By Phillip Kurata
IIP Staff Writer
May 7, 2013
Since 2009, the United States has provided more than $1.5 billion in assistance to Somalia, according to a State Department fact sheet.
“The initial transition has come to an end, a newly elected government is firmly in place, and dialogue about the future of Somalia is underway,” Burns said an international conference on Somalia in London May 7.
In January, the United States restored diplomatic recognition of Somalia after a rupture of more than 20 years. In February, the administrator of the U.S. Agency for International Development (USAID), Rajiv Shah, visited Somalia for consultations on ramping up U.S. assistance to the new Somali government under President Hassan Sheikh Mohamud.
In London, Burns warned that al-Shabaab militants remain a threat, despite Somalia’s progress. He said al-Shabaab blocked relief workers and food assistance from reaching famine-stricken Somalis in 2011, leading to the unnecessary deaths of tens of thousands of people. He recalled that al-Shabaab suicide bombers blew up a Somali judicial center in Mogadishu in April, killing 29.
“Overcoming grievances hardened over decades of conflict will take time. So to allow political reconciliation to stay on track in the midst of active efforts by spoilers to derail it, the international community must increase its support to Somalia’s security sector,” Burns said.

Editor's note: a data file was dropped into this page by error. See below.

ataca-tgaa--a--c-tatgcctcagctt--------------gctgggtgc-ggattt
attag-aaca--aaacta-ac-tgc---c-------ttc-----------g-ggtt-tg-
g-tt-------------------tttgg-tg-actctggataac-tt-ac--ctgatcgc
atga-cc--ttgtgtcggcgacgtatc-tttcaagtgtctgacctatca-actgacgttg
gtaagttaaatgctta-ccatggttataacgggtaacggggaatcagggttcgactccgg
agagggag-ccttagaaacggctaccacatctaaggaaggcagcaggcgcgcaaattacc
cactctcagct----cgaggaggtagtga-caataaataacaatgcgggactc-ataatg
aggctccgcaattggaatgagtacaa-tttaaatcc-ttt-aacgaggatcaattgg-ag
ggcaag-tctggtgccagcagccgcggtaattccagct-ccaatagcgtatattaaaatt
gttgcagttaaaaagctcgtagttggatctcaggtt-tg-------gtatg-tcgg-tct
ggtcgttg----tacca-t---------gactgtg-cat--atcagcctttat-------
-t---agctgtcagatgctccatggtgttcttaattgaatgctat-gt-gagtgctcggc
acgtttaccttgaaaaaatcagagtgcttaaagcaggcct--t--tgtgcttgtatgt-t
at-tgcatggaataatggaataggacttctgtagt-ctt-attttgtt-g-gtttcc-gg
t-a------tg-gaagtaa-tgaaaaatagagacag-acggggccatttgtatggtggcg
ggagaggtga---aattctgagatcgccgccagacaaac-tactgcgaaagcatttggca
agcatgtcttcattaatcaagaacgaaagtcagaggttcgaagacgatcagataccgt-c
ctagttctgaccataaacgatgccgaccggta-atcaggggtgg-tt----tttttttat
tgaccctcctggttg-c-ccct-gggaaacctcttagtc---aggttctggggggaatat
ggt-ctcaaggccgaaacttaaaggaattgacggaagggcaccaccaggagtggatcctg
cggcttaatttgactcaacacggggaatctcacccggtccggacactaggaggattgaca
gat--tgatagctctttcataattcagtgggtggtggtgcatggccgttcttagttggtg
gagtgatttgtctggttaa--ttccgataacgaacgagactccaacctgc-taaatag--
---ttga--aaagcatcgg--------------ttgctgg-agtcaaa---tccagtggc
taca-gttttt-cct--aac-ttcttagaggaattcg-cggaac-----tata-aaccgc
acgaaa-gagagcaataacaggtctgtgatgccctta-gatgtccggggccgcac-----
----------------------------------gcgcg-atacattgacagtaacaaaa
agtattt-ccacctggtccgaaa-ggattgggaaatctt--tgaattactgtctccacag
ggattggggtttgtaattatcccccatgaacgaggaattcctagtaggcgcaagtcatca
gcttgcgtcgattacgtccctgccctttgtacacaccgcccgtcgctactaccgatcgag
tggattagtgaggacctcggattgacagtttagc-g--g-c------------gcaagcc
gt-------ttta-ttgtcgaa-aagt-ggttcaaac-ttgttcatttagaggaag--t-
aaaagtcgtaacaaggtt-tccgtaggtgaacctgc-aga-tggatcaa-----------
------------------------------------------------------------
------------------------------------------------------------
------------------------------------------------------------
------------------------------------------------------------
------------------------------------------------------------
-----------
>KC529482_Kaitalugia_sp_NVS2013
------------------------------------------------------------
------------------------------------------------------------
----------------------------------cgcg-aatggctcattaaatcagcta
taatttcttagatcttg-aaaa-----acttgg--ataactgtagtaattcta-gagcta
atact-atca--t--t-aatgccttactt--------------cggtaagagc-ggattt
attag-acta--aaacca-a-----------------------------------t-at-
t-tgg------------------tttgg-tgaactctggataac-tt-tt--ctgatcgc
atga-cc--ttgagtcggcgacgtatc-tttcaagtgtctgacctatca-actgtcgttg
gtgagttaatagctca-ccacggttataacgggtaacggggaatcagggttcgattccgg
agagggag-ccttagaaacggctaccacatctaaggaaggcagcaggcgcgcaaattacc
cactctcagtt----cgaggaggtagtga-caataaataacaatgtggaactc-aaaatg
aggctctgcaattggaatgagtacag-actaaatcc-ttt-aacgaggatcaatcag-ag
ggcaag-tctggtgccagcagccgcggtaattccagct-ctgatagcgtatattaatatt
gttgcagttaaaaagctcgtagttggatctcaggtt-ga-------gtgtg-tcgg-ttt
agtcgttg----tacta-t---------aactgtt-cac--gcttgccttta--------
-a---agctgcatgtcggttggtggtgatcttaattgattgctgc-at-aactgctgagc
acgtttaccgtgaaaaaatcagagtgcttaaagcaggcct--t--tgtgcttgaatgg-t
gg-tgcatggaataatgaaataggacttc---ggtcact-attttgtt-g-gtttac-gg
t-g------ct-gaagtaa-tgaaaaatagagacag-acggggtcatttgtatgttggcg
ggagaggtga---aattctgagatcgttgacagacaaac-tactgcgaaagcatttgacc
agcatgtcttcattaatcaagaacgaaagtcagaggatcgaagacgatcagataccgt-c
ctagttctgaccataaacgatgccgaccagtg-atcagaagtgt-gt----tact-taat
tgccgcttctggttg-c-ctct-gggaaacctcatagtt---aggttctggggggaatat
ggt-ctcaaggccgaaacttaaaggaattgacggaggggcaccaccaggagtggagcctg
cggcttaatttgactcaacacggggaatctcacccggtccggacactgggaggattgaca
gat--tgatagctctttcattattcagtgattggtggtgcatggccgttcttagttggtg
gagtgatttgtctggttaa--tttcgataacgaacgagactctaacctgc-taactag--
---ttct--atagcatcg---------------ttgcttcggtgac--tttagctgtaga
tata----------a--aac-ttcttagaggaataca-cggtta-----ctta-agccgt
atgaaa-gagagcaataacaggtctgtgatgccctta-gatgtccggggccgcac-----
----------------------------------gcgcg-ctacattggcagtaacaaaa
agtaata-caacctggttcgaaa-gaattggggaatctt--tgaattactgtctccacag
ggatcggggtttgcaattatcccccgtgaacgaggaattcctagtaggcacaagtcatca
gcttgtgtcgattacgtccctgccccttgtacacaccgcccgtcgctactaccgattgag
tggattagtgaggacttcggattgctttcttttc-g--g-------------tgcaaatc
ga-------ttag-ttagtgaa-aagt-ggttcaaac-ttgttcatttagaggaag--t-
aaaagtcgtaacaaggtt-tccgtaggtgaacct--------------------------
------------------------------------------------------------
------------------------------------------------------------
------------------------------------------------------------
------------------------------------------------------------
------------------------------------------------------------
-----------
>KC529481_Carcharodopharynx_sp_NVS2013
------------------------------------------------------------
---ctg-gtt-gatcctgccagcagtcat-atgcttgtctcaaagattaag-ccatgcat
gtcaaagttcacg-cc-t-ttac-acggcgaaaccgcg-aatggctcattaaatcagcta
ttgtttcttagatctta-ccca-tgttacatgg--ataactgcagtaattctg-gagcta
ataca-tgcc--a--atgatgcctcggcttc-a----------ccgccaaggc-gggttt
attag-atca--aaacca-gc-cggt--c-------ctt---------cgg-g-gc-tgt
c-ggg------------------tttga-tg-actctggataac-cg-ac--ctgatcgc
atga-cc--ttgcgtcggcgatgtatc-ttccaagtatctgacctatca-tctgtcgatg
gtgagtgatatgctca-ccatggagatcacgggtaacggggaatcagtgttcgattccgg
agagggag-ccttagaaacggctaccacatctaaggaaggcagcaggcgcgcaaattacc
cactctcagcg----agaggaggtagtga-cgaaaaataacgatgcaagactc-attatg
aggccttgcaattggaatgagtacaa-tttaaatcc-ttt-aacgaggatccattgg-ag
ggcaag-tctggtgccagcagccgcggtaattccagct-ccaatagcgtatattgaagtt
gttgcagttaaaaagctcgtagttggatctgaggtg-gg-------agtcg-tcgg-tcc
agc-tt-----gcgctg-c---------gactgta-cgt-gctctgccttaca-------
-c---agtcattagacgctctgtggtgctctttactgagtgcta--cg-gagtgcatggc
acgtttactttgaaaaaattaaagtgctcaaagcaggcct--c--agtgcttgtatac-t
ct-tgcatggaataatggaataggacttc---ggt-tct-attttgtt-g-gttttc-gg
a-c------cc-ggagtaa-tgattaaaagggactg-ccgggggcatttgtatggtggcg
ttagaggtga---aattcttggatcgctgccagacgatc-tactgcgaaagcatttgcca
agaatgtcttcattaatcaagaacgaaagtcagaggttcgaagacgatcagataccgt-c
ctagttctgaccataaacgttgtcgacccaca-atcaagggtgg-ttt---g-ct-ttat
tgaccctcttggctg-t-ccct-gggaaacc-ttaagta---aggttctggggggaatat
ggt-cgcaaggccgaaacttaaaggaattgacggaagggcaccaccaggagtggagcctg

U.S. security assistance is focused on two areas: support for peacekeeping operations, specifically the training, equipping and transportation of troops participating in the African Union Mission in Somalia, and support for Somali security-sector reform activities, such as mentoring, training, and equipment and logistical support for Somalia’s national security forces, the fact sheet said.
Burns noted that security reform must include the development of an independent, credible and transparent justice system, a need that the new Somali government recognizes.
The deputy secretary said the United States backs the Somali government’s efforts to demobilize, disarm and reintegrate former militants who reject al-Shabaab. “We look forward to joining the United Nations and the government of Japan in supporting the Disengaged Fighter Program, and we urge other partners to do the same,” he said.
Parallel to security reform, the United States continues working to protect vulnerable populations, strengthen accountability and civilian control, and build respect for human rights and humanitarian law, Burns said.
He said Somalia is a fragile state, but the courage of its people and leaders is strong. “So long as Somalia’s friends and partners maintain their focus and support, we can be confident about Somalia’s future,” he said.